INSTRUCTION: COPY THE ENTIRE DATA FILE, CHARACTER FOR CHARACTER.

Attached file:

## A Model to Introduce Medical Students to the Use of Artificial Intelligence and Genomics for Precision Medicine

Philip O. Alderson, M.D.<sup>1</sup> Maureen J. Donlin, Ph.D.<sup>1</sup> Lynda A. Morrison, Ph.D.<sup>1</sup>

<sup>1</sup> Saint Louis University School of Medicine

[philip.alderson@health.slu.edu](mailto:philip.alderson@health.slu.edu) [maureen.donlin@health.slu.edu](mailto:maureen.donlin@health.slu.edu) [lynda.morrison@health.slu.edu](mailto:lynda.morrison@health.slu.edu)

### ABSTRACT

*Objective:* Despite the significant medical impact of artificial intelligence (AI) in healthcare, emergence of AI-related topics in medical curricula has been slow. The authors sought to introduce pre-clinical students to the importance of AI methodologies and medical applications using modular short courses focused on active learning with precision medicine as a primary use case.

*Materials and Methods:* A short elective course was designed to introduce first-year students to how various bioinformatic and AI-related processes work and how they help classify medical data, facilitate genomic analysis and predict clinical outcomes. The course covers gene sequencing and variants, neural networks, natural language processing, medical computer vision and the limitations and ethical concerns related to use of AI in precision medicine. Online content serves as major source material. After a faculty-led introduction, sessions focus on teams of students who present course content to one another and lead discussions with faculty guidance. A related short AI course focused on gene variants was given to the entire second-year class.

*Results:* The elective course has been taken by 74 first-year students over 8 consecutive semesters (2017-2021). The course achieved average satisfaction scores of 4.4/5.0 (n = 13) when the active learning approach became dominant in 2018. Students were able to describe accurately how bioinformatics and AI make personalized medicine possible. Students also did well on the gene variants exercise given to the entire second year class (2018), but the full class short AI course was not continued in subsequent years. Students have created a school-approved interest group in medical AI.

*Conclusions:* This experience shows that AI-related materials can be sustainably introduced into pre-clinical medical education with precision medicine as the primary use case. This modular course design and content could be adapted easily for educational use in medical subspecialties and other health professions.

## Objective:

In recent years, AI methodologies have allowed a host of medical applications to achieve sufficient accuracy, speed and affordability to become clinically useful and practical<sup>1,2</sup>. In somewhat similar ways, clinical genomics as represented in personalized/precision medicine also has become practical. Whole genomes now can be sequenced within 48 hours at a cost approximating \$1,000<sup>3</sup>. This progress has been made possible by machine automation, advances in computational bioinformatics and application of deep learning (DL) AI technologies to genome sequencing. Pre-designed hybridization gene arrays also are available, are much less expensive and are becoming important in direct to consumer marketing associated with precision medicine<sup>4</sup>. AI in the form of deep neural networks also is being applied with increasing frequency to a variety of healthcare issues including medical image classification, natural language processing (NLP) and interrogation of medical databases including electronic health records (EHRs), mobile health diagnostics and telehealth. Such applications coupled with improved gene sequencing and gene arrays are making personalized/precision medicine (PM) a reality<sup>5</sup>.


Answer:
## A Model to Introduce Medical Students to the Use of Artificial Intelligence and Genomics for Precision Medicine

Philip O. Alderson, M.D.<sup>1</sup> Maureen J. Donlin, Ph.D.<sup>1</sup> Lynda A. Morrison, Ph.D.<sup>1</sup>

<sup>1</sup> Saint Louis University School of Medicine

[philip.alderson@health.slu.edu](mailto:philip.alderson@health.slu.edu) [maureen.donlin@health.slu.edu](mailto:maureen.donlin@health.slu.edu) [lynda.morrison@health.slu.edu](mailto:lynda.morrison@health.slu.edu)

### ABSTRACT

*Objective:* Despite the significant medical impact of artificial intelligence (AI) in healthcare, emergence of AI-related topics in medical curricula has been slow. The authors sought to introduce pre-clinical students to the importance of AI methodologies and medical applications using modular short courses focused on active learning with precision medicine as a primary use case.

*Materials and Methods:* A short elective course was designed to introduce first-year students to how various bioinformatic and AI-related processes work and how they help classify medical data, facilitate genomic analysis and predict clinical outcomes. The course covers gene sequencing and variants, neural networks, natural language processing, medical computer vision and the limitations and ethical concerns related to use of AI in precision medicine. Online content serves as major source material. After a faculty-led introduction, sessions focus on teams of students who present course content to one another and lead discussions with faculty guidance. A related short AI course focused on gene variants was given to the entire second-year class.

*Results:* The elective course has been taken by 74 first-year students over 8 consecutive semesters (2017-2021). The course achieved average satisfaction scores of 4.4/5.0 (n = 13) when the active learning approach became dominant in 2018. Students were able to describe accurately how bioinformatics and AI make personalized medicine possible. Students also did well on the gene variants exercise given to the entire second year class (2018), but the full class short AI course was not continued in subsequent years. Students have created a school-approved interest group in medical AI.

*Conclusions:* This experience shows that AI-related materials can be sustainably introduced into pre-clinical medical education with precision medicine as the primary use case. This modular course design and content could be adapted easily for educational use in medical subspecialties and other health professions.

## Objective:

In recent years, AI methodologies have allowed a host of medical applications to achieve sufficient accuracy, speed and affordability to become clinically useful and practical<sup>1,2</sup>. In somewhat similar ways, clinical genomics as represented in personalized/precision medicine also has become practical. Whole genomes now can be sequenced within 48 hours at a cost approximating \$1,000<sup>3</sup>. This progress has been made possible by machine automation, advances in computational bioinformatics and application of deep learning (DL) AI technologies to genome sequencing. Pre-designed hybridization gene arrays also are available, are much less expensive and are becoming important in direct to consumer marketing associated with precision medicine<sup>4</sup>. AI in the form of deep neural networks also is being applied with increasing frequency to a variety of healthcare issues including medical image classification, natural language processing (NLP) and interrogation of medical databases including electronic health records (EHRs), mobile health diagnostics and telehealth. Such applications coupled with improved gene sequencing and gene arrays are making personalized/precision medicine (PM) a reality<sup>5</sup>.